Consumer oriented cloud file sharing sites are the bane of CSOs. While they make the shipping of large documents for collaboration easier than using email, unless tailored for business their relatively poor security is a threat to the enterprise, allowing the opportunity for files to end up in the wrong hands.

Which is why proactive IT departments regularly exhort staff to make sure to use the business versions of such sites. Here’s another reason: Dropbox still hasn’t plugged a hole that allows shareable links to a document to be inadvertently spread to unintended recipients.

As outlined by security blogger Graham Cluley, Dropbox (and competitor Box)  don’t require users accessing a shared link to authenticate themselves. If a user puts the Share link into a search engine rather than their browser’s URL box a Google Adwords server receives the Share link as part of the referring URL if the user clicks on an ad. The link is then broadcast.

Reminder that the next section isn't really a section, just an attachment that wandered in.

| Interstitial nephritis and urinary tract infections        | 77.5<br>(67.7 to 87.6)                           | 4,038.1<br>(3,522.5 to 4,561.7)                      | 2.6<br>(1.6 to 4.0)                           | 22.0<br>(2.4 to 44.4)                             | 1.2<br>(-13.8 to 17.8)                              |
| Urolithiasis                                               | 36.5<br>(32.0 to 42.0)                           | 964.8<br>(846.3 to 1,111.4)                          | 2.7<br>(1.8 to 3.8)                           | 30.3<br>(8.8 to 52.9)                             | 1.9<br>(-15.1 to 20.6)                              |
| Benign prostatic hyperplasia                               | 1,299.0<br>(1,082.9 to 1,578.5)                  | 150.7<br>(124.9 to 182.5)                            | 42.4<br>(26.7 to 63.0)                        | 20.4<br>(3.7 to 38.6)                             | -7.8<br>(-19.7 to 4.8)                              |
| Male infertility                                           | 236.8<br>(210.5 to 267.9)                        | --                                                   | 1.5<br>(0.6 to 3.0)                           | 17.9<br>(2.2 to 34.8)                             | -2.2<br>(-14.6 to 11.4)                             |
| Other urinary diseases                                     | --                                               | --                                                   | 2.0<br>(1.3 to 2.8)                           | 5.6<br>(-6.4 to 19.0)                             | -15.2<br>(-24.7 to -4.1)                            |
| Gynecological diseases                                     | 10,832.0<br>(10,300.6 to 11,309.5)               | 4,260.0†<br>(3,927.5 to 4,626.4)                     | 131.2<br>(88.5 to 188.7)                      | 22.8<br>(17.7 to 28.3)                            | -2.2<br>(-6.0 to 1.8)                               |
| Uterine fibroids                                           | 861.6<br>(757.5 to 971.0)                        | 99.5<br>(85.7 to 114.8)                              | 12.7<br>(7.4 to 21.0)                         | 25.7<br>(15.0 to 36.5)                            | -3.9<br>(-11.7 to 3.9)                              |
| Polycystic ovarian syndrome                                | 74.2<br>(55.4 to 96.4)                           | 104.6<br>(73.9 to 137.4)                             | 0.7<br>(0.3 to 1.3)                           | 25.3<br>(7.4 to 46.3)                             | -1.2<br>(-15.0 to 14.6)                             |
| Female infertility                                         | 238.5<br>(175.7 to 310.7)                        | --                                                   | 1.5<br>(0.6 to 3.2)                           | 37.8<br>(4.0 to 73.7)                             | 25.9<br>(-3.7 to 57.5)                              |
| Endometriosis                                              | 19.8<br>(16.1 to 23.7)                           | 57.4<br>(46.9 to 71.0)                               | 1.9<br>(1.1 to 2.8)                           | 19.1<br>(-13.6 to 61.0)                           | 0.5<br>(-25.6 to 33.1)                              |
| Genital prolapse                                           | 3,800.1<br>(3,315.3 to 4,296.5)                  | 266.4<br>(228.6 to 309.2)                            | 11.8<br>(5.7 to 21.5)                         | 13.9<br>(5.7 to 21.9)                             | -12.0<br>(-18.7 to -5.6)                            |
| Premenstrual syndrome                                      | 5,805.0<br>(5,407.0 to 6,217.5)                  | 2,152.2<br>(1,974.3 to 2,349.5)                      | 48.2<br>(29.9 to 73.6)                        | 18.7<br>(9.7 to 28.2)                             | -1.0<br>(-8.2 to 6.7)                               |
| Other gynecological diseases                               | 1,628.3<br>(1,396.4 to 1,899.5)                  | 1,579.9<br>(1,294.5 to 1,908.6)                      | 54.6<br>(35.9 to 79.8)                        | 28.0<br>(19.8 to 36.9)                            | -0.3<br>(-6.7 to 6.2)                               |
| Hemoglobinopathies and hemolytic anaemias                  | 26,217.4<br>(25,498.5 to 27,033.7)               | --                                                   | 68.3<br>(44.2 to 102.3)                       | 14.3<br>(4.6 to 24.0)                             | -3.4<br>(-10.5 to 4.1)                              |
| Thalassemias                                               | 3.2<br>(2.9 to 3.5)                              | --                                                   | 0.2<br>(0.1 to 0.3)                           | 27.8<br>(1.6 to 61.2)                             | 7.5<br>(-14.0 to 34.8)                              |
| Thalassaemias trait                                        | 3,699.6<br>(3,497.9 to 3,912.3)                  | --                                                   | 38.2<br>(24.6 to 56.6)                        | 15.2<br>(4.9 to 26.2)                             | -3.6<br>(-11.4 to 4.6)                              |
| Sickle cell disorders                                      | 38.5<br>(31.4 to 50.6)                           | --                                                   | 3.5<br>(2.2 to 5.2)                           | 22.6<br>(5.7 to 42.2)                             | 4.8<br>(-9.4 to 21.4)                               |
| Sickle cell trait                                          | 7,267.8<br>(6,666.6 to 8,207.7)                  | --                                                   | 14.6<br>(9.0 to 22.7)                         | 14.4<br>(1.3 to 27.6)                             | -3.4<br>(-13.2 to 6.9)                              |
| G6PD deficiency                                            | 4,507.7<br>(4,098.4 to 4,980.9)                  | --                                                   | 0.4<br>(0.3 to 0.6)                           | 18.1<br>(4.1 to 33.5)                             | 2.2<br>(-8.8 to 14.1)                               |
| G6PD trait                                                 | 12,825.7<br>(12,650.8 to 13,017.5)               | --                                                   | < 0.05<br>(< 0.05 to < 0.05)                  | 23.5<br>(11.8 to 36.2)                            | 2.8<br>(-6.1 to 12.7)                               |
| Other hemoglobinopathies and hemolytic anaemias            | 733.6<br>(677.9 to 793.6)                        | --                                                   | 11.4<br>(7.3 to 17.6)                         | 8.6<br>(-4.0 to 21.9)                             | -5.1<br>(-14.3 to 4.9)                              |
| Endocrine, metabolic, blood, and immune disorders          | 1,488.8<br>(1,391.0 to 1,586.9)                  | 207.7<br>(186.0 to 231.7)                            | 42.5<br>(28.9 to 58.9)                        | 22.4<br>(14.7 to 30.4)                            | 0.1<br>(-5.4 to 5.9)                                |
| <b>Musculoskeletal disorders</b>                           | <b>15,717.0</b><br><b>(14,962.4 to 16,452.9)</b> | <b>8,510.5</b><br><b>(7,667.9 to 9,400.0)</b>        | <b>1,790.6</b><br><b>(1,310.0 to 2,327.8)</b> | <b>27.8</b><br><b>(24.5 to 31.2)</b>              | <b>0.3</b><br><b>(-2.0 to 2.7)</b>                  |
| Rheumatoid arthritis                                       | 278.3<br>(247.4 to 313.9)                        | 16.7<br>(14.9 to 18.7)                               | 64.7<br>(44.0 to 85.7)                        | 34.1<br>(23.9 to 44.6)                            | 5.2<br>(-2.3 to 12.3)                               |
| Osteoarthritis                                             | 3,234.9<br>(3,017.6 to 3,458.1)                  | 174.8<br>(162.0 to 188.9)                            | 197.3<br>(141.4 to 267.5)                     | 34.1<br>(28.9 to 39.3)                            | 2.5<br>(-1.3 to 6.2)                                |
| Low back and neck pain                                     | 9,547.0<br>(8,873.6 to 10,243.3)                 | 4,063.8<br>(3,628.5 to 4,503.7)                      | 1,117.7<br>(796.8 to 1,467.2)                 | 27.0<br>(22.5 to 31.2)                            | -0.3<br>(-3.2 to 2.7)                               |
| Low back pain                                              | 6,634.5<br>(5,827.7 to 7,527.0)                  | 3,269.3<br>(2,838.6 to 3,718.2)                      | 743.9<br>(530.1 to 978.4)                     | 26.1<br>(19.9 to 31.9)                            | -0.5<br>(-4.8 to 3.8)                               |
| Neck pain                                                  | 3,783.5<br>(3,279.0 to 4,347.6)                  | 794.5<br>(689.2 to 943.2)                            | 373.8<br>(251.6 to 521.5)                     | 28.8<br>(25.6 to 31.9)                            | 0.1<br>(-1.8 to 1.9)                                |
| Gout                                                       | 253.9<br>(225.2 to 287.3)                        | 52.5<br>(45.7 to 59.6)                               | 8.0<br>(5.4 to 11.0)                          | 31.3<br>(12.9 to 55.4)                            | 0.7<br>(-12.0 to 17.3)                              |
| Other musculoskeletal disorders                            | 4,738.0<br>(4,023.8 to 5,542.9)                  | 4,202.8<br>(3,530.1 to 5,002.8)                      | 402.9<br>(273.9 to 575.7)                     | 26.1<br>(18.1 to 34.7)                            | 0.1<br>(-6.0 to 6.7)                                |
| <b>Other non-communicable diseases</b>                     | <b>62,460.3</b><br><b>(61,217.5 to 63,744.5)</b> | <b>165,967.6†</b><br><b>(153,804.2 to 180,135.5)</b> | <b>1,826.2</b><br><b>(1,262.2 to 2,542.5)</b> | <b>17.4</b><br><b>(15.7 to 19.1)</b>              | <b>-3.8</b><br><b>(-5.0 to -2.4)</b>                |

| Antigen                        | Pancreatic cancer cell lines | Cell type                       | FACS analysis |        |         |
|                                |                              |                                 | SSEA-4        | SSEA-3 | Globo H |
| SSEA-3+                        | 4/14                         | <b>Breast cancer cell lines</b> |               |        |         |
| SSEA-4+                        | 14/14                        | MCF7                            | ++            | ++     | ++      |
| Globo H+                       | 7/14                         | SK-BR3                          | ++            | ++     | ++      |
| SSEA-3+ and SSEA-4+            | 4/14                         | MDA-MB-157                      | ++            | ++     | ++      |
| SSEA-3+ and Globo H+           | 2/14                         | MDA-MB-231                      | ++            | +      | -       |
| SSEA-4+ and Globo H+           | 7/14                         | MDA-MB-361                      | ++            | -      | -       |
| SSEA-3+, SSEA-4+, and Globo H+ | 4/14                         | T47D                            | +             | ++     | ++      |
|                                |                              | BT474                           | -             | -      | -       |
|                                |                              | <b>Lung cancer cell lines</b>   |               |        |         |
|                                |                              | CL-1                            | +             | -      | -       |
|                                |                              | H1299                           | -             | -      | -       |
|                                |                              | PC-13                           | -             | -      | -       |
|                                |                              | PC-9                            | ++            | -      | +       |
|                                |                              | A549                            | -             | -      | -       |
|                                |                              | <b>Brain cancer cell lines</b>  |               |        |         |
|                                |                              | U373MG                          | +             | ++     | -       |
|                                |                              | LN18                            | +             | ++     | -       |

Competitor Intralinks told Dropbox about the problem last November but apparently nothing was done. Yesterday Intralinks published a new blog in which it said that while analyzing one of its Google Adword campaigns it came across a shareable link that went to an individual’s U.S. income tax return.

“To be clear,” Intralink stressed, “we gained access to files because users of file sharing applications often don’t take steps to safeguard their data. Most file sharing apps explain how shared links can be used. Nevertheless, many users clearly don’t know or perhaps don’t understand that even if they don’t actively share a link to a file, an unsecured link could still be uncovered and their files could be accessed. With estimates of well over 400 million users of consumer file sharing apps, this is a significant issue.”

Whether this is a Dropbox or a user problem is an interesting question. Cluley says Dropbox doesn’t believe the issue is a vulnerability — at least in the free version. Dropbox for Business has a security setting to restrict access to Share Links.  CSOs need to point out this vulnerability and what users can do about it on any file sharing site.

Separately, Dropbox announced an expanded bug bounty program in conjunction with HackerOne to encourage researchers responsibly disclose software bugs.  For now the program covers Dropbox, Carousel, and Mailbox iOS and Android applications; the Dropbox and Carousel web applications; the Dropbox desktop client as well as the Dropbox Core SDK. There may also be rewards for novel or particularly interesting bugs in other Dropbox applications.

The minimum bounty for qualifying bugs is US$216.The maximum bounty that DropBox has paid out under its existing program was US$4,913.